Escherichia coli (abbreviated as E. coli) are bacteria found in the environment, foods, and intestines of people and animals. E. coli are a large and diverse group of bacteria. Although most strains of E. coli are harmless, others can make you sick. Some kinds of E. coli can cause diarrhea, while others cause urinary tract infections, respiratory illness and pneumonia, and other illnesses.
Symptoms of Shiga toxin-producing E. coli (STEC) infection vary for each person, but often include severe stomach cramps, diarrhea (often bloody), and vomiting. Some people may have a fever, which usually is not very high (less than 101˚F/38.5˚C). Most people get better within 5 to 7 days. Some infections are very mild, but others are severe or even life-threatening.
Most people with a STEC infection start feeling sick 3 to 4 days after eating or drinking something that contains the bacteria. However, illnesses can start anywhere from 1 to 10 days after exposure. Contact your healthcare provider if you have diarrhea that lasts for more than 3 days or is accompanied by high fever, blood in the stool, or so much vomiting that you cannot keep liquids down and you pass very little urine.
About 5 to 10% of people who are diagnosed with STEC infection develop a potentially life-threatening complication known as hemolytic uremic syndrome (HUS). HUS develops about 7 days after symptoms first appear, when diarrhea is improving. Clues that someone is developing HUS include decreased frequency of urination, feeling very tired, and losing pink color in cheeks and inside the lower eyelids. People with HUS should be hospitalized because their kidneys may stop working and they may develop other serious problems. Most people with HUS recover within a few weeks, but some suffer permanent damage or die.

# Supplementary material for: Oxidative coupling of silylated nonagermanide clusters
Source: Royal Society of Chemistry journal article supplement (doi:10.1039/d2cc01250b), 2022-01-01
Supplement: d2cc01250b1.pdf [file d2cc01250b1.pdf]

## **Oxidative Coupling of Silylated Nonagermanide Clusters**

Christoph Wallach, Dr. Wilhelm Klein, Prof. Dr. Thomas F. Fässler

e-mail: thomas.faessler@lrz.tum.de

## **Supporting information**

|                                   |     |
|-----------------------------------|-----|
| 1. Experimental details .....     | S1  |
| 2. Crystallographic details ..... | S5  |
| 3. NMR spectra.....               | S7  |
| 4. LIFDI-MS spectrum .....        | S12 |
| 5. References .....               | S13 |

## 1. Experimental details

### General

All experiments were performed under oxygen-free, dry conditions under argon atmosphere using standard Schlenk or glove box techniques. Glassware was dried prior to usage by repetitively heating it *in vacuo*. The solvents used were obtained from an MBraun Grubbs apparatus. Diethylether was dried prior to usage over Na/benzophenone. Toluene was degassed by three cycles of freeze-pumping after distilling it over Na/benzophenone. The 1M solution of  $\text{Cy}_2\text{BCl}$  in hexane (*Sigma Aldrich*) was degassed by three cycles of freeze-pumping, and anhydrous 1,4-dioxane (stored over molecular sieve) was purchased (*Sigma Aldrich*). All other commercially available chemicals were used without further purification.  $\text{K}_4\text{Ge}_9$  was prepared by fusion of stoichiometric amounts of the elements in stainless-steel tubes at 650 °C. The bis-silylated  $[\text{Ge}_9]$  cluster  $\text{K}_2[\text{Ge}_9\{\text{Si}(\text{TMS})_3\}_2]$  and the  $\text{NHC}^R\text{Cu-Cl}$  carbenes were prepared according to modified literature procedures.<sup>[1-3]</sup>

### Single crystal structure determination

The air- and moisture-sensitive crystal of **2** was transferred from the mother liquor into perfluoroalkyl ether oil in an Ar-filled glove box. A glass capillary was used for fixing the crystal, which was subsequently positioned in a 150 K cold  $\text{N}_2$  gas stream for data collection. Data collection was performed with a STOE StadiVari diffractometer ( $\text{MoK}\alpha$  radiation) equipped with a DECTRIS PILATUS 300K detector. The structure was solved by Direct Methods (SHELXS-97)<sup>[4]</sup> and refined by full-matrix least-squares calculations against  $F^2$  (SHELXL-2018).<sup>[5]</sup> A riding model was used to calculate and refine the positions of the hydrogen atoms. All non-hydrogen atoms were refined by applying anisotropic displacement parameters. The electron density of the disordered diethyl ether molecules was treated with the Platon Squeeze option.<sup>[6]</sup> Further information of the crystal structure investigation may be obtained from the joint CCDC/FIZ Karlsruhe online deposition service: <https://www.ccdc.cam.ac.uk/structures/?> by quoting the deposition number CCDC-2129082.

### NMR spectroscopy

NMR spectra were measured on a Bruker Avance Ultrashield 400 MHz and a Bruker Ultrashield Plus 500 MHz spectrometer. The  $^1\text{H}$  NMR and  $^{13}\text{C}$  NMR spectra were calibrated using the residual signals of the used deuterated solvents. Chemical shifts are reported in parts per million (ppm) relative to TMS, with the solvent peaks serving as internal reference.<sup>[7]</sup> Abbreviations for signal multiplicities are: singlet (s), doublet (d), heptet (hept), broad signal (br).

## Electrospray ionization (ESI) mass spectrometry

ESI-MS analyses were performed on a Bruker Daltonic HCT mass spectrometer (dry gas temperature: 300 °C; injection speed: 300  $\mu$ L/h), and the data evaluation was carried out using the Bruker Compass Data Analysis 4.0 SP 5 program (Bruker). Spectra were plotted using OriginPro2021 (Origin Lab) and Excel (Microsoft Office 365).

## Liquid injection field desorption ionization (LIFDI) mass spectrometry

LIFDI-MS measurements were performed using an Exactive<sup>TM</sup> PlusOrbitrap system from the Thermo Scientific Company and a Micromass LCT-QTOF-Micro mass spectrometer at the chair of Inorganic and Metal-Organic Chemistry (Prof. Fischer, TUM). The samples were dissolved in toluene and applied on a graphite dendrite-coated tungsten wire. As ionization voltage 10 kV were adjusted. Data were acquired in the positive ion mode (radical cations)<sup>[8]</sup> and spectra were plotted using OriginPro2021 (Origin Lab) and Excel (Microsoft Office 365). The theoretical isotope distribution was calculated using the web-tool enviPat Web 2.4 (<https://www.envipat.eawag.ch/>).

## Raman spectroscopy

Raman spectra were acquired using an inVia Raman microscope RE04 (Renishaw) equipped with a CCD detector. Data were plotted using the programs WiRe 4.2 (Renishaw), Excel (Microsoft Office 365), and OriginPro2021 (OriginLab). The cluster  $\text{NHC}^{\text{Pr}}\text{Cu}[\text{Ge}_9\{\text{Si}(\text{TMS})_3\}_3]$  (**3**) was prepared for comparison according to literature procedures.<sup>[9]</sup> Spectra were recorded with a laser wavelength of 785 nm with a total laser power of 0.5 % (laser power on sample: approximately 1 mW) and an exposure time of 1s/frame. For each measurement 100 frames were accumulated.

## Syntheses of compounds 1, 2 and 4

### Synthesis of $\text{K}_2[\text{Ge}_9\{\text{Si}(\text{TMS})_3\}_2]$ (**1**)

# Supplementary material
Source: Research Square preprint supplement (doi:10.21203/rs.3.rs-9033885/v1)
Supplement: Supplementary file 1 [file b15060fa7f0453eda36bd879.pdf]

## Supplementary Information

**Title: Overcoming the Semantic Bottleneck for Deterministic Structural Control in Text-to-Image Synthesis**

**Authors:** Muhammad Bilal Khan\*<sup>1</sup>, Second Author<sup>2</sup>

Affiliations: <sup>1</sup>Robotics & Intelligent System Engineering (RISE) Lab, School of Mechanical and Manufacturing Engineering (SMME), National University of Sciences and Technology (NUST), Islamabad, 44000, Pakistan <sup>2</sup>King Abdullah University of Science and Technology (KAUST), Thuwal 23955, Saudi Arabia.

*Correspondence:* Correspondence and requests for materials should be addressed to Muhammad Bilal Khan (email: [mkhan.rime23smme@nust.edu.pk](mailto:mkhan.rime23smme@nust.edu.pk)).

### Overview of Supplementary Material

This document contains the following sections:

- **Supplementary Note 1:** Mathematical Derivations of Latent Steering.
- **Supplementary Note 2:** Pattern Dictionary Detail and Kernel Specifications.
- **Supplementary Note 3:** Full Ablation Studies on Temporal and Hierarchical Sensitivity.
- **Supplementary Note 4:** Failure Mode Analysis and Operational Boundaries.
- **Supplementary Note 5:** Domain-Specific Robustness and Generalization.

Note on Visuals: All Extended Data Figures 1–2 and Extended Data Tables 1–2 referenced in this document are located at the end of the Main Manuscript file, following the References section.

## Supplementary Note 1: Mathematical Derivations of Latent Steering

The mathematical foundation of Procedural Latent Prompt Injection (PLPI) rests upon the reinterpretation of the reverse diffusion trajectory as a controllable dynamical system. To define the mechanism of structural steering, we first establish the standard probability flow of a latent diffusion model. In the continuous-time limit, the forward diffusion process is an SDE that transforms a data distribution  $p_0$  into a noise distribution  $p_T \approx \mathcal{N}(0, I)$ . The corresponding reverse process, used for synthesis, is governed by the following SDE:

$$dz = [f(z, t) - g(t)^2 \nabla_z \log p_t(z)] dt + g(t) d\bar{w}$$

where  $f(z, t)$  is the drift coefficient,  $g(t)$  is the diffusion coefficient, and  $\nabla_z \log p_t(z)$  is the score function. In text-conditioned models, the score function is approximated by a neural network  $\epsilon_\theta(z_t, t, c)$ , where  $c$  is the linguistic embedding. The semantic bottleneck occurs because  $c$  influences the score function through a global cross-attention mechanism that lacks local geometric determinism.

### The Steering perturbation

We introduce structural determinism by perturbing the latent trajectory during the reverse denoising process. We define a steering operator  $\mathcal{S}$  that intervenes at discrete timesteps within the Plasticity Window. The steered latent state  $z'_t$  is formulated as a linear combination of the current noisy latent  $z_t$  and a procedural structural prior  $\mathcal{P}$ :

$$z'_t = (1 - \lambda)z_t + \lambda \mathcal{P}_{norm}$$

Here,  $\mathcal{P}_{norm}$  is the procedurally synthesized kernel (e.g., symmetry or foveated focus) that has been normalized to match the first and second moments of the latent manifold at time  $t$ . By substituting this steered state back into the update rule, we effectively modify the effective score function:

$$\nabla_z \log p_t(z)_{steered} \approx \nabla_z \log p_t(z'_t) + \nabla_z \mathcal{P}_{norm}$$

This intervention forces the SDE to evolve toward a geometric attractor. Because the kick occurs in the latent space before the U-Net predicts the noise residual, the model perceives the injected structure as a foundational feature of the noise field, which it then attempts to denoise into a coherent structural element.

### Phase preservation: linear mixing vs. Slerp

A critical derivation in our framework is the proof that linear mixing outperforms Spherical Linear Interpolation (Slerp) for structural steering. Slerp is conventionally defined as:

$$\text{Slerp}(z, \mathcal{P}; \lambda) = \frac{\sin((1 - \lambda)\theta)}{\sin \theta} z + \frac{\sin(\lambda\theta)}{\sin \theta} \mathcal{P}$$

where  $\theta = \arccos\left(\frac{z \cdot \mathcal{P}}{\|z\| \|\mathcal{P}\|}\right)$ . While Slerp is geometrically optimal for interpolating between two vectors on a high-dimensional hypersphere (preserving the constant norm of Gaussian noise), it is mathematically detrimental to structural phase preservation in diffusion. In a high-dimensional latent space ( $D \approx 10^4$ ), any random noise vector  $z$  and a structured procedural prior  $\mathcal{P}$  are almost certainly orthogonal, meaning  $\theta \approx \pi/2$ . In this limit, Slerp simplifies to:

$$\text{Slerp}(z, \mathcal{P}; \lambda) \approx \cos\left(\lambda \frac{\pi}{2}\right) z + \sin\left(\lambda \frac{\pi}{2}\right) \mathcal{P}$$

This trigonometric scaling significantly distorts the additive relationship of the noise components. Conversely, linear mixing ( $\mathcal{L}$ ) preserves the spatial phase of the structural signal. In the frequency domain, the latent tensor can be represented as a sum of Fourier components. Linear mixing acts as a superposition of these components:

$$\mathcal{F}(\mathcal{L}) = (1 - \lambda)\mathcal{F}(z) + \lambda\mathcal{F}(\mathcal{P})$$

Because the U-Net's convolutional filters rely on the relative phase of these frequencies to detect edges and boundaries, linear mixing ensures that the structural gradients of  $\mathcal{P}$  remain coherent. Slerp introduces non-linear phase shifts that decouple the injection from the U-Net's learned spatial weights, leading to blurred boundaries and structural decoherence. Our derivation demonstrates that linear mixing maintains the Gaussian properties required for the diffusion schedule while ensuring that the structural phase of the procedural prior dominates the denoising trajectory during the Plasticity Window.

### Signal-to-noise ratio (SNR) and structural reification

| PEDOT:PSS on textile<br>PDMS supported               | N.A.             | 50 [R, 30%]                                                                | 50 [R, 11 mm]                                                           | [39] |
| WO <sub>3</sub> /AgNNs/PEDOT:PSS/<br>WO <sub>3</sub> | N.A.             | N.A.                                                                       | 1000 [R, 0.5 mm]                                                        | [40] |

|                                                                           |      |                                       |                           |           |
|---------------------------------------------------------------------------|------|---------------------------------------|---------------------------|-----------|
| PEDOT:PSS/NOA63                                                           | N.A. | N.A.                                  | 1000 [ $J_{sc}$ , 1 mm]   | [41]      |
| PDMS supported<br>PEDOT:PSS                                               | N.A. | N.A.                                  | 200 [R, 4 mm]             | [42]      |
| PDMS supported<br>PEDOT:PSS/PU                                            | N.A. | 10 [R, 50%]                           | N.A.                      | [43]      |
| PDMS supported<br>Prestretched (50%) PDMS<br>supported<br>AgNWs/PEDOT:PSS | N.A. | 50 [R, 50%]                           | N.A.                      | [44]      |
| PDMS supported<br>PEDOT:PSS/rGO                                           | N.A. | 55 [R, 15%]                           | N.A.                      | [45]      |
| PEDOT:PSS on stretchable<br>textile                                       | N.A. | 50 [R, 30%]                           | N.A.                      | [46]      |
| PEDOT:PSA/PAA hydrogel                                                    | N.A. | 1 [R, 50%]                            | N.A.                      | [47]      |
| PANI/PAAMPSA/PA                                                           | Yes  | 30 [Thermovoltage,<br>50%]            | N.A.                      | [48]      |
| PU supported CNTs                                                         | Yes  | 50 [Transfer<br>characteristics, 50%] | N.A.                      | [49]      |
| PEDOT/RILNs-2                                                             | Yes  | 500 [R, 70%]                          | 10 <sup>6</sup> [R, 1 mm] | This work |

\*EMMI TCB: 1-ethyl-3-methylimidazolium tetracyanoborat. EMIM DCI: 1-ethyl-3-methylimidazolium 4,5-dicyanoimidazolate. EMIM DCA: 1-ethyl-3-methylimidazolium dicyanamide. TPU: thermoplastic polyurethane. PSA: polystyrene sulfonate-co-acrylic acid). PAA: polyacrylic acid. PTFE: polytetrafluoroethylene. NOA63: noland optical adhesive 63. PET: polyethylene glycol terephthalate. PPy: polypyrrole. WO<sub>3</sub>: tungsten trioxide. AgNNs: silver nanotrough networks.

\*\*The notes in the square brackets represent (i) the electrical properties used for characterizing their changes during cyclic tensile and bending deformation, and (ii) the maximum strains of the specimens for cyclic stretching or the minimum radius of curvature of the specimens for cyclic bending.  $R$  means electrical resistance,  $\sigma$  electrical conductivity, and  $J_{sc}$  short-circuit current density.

Escherichia coli (abbreviated as E. coli) are bacteria found in the environment, foods, and intestines of people and animals.
Most E. coli are harmless and are actually an important part of a healthy human intestinal tract. However, some E. coli can cause diarrhea, urinary tract infections, respiratory illness, bloodstream infections, and other illnesses. The types of E. coli that can cause illness can be transmitted through contaminated water or food, or through contact with animals or people.
Some kinds of E. coli bacteria cause disease when they make a toxin called Shiga toxin. The bacteria that make these toxins are called “Shiga toxin-producing E. coli,” or STEC for short.
Wash fruits and vegetables well under running water, unless the package says the contents have already been washed.